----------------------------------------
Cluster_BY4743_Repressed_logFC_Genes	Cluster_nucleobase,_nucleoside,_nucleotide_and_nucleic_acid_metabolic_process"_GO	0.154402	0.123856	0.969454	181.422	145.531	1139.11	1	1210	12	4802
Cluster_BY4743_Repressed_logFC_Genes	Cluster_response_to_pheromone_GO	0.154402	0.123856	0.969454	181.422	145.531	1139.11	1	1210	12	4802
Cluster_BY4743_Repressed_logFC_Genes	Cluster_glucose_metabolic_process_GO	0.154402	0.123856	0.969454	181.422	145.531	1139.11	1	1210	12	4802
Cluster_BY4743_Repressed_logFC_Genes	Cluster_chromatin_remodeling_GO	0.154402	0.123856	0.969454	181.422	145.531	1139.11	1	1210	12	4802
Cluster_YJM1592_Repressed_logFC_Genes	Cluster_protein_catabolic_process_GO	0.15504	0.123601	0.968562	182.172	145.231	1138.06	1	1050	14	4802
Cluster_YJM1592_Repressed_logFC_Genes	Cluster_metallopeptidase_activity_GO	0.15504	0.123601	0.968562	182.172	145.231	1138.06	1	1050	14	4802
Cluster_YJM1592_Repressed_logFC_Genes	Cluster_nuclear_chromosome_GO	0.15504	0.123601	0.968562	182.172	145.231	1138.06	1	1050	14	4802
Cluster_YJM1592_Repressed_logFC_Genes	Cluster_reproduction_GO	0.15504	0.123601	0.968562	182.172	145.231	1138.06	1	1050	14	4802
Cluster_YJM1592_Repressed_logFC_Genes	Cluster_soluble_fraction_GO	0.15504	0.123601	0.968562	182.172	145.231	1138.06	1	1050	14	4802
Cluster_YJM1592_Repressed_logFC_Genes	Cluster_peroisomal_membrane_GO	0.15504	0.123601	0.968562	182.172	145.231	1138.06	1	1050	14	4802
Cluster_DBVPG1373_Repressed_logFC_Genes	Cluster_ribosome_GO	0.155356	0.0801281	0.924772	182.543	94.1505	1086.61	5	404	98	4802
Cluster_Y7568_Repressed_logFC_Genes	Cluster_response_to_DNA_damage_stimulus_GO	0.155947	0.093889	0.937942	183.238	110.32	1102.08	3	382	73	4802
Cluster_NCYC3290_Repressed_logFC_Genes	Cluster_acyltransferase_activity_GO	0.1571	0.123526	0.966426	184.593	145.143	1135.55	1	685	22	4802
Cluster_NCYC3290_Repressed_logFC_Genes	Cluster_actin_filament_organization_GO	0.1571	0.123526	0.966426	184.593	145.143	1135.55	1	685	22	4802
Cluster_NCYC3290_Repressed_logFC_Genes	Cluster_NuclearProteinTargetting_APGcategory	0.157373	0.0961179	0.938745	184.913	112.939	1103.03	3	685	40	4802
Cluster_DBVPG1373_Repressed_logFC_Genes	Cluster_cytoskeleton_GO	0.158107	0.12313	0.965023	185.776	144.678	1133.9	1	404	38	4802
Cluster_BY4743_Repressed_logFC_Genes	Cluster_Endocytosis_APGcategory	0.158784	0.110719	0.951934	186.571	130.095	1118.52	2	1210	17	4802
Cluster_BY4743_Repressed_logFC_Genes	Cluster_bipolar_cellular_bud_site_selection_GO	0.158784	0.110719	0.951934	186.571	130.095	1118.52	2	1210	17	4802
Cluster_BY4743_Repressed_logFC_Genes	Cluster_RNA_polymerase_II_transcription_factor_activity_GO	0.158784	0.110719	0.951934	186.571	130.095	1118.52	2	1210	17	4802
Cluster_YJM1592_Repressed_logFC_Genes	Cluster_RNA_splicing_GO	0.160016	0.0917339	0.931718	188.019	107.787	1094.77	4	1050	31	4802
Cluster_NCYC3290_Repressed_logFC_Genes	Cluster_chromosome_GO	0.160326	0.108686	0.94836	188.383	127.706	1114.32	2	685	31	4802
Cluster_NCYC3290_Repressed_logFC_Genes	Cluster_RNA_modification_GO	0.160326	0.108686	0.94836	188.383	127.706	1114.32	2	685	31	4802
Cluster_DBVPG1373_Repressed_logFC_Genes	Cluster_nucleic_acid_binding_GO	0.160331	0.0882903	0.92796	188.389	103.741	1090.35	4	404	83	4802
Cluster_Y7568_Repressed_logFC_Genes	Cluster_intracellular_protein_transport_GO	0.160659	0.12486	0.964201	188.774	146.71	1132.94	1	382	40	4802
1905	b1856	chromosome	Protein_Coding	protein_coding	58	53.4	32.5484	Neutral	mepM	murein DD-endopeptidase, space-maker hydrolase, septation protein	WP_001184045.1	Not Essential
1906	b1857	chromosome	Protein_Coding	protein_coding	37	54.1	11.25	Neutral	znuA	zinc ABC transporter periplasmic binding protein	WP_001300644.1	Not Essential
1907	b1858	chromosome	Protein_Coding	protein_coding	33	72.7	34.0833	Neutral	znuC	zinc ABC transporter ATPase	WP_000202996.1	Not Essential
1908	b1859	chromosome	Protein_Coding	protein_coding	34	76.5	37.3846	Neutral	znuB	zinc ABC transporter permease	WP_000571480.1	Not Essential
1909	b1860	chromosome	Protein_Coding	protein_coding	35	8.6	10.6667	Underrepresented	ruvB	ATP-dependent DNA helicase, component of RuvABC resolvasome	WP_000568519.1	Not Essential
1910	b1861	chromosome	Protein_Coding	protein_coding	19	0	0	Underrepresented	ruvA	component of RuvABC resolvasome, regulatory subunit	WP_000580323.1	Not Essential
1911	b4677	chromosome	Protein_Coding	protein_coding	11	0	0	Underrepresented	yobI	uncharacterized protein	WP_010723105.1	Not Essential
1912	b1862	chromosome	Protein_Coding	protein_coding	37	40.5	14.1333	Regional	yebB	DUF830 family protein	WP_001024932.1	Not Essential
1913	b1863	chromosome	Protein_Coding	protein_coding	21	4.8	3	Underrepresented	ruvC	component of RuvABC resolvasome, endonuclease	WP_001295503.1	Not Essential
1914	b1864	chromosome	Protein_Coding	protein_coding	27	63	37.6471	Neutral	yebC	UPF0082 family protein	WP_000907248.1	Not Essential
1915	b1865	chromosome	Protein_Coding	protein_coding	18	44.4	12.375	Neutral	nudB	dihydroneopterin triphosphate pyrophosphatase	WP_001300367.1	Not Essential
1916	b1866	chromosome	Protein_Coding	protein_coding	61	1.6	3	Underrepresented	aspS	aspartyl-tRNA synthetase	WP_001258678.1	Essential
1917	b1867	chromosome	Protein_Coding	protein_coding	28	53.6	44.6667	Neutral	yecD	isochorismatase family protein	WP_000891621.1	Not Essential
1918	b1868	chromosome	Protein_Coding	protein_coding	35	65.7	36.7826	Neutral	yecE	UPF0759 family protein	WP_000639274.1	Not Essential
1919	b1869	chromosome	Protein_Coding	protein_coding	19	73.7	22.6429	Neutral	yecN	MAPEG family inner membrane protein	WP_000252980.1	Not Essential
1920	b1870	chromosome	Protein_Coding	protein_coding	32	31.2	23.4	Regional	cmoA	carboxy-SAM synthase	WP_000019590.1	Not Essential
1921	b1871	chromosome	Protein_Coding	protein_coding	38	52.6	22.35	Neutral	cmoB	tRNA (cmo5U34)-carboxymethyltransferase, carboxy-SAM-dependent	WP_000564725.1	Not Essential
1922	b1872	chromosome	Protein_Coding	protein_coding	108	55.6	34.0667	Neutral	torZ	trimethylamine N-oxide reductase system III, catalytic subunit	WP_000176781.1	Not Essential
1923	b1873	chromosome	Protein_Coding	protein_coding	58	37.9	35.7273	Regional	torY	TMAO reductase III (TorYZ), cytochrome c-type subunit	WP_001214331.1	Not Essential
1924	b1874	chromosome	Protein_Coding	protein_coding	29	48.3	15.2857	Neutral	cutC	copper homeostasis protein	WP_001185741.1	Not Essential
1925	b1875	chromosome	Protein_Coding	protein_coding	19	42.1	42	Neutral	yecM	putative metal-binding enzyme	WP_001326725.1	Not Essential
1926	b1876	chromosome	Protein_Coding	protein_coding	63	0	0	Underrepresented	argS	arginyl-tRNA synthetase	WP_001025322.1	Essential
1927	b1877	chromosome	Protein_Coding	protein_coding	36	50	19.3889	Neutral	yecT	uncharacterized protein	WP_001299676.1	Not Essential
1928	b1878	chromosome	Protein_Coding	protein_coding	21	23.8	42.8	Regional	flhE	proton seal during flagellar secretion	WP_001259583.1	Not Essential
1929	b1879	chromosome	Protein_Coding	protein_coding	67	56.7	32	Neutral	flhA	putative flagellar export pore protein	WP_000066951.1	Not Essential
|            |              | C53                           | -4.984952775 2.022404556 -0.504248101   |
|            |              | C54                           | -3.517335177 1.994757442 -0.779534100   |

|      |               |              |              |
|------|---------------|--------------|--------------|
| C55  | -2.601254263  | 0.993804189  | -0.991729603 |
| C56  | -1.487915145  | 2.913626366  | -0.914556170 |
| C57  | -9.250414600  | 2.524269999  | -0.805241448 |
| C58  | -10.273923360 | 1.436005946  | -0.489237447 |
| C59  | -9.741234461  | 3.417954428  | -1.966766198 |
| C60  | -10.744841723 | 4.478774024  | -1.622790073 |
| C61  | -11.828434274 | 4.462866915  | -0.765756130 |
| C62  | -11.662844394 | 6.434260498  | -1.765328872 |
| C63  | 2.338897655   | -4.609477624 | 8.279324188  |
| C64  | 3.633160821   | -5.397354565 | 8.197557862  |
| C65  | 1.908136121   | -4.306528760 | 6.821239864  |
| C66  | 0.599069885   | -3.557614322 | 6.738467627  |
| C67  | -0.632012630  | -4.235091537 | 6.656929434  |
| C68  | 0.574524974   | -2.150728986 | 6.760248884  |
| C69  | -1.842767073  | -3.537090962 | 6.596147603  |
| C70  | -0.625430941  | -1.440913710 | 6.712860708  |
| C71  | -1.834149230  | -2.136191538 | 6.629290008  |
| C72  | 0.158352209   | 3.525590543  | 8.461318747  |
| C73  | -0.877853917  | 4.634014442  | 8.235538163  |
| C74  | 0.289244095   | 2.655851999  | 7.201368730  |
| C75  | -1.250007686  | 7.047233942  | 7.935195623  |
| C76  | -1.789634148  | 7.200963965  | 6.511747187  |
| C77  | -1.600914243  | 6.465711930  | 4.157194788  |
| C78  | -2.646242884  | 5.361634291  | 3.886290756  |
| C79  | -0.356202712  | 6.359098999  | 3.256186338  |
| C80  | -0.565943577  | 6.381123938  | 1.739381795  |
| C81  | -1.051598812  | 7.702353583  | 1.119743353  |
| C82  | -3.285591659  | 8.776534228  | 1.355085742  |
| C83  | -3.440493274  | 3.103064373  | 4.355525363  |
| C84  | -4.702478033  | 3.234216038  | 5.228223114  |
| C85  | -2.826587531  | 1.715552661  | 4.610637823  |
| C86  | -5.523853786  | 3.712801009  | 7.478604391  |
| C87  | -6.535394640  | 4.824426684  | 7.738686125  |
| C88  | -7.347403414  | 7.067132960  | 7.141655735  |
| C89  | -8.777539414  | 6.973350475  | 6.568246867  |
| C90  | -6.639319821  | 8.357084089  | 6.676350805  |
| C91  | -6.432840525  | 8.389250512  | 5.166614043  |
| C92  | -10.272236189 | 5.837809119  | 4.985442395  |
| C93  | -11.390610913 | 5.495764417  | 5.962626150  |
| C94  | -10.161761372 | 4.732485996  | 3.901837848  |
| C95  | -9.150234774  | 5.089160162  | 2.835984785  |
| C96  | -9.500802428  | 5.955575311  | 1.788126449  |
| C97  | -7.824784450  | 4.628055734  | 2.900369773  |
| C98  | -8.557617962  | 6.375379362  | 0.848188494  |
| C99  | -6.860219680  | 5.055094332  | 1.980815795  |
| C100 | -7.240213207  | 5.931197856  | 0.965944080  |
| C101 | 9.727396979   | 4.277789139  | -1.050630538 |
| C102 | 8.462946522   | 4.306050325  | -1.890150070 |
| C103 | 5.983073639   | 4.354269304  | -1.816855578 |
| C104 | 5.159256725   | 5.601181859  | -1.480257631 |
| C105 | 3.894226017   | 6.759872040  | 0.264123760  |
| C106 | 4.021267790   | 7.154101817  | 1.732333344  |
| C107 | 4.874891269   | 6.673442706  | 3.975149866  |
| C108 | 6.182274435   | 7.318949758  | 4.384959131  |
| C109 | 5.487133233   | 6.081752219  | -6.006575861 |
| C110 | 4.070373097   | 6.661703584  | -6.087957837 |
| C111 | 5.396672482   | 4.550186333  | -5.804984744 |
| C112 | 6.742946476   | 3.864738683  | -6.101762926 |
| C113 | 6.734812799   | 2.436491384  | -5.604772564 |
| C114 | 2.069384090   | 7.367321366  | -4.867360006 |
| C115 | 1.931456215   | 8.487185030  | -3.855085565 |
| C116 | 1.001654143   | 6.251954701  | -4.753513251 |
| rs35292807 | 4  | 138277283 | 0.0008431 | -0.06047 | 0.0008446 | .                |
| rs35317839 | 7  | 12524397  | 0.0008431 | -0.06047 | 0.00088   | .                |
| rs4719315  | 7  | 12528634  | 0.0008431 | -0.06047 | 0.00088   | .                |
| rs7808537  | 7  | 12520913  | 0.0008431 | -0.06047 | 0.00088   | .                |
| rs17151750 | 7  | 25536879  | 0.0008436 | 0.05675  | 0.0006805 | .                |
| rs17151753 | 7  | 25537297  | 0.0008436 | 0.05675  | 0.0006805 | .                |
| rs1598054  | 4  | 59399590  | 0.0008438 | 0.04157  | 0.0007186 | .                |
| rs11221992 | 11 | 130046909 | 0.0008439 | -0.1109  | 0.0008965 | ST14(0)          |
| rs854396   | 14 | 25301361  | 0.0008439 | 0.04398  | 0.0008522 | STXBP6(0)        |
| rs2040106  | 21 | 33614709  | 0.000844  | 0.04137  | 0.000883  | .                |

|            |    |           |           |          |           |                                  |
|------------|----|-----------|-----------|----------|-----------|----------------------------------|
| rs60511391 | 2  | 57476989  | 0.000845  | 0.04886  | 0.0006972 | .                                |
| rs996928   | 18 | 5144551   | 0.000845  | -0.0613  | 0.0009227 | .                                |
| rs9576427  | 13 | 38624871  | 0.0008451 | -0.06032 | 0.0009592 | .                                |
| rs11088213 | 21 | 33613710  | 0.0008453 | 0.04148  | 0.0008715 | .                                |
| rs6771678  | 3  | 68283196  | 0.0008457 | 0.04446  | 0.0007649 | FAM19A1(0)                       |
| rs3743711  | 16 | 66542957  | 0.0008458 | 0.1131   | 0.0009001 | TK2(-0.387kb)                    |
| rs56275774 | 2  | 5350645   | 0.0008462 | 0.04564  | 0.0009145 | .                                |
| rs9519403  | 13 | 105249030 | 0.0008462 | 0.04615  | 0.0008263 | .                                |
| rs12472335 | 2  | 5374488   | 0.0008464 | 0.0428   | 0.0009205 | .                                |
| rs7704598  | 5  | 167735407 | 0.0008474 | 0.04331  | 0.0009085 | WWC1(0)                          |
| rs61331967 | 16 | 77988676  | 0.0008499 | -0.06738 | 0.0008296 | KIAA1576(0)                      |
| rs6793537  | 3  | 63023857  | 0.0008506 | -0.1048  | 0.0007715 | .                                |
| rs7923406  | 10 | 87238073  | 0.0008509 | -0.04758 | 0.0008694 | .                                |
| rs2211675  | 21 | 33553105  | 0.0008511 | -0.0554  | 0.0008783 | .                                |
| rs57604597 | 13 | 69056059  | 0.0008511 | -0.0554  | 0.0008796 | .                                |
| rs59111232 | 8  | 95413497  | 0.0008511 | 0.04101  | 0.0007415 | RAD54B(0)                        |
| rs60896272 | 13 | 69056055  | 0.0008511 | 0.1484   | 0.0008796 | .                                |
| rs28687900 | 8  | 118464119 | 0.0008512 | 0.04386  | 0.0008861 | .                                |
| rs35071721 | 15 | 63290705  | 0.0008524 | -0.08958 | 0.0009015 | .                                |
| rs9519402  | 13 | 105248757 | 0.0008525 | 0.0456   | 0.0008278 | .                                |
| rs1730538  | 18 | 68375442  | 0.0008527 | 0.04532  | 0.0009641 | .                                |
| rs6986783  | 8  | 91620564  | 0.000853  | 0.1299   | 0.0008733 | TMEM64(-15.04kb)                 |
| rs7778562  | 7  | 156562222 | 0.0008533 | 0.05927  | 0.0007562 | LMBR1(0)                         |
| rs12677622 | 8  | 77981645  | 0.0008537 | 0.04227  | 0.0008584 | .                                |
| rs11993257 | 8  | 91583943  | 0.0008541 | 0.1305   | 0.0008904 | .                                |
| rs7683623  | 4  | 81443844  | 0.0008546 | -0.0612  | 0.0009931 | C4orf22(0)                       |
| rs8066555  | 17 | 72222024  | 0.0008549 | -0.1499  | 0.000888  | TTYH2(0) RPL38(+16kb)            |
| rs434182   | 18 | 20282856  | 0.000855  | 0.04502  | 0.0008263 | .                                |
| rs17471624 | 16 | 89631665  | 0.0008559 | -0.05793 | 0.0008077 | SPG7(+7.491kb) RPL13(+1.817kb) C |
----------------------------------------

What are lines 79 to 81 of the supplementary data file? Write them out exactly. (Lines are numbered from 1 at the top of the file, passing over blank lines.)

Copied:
| C80  | -0.565943577  | 6.381123938  | 1.739381795  |
| C81  | -1.051598812  | 7.702353583  | 1.119743353  |
| C82  | -3.285591659  | 8.776534228  | 1.355085742  |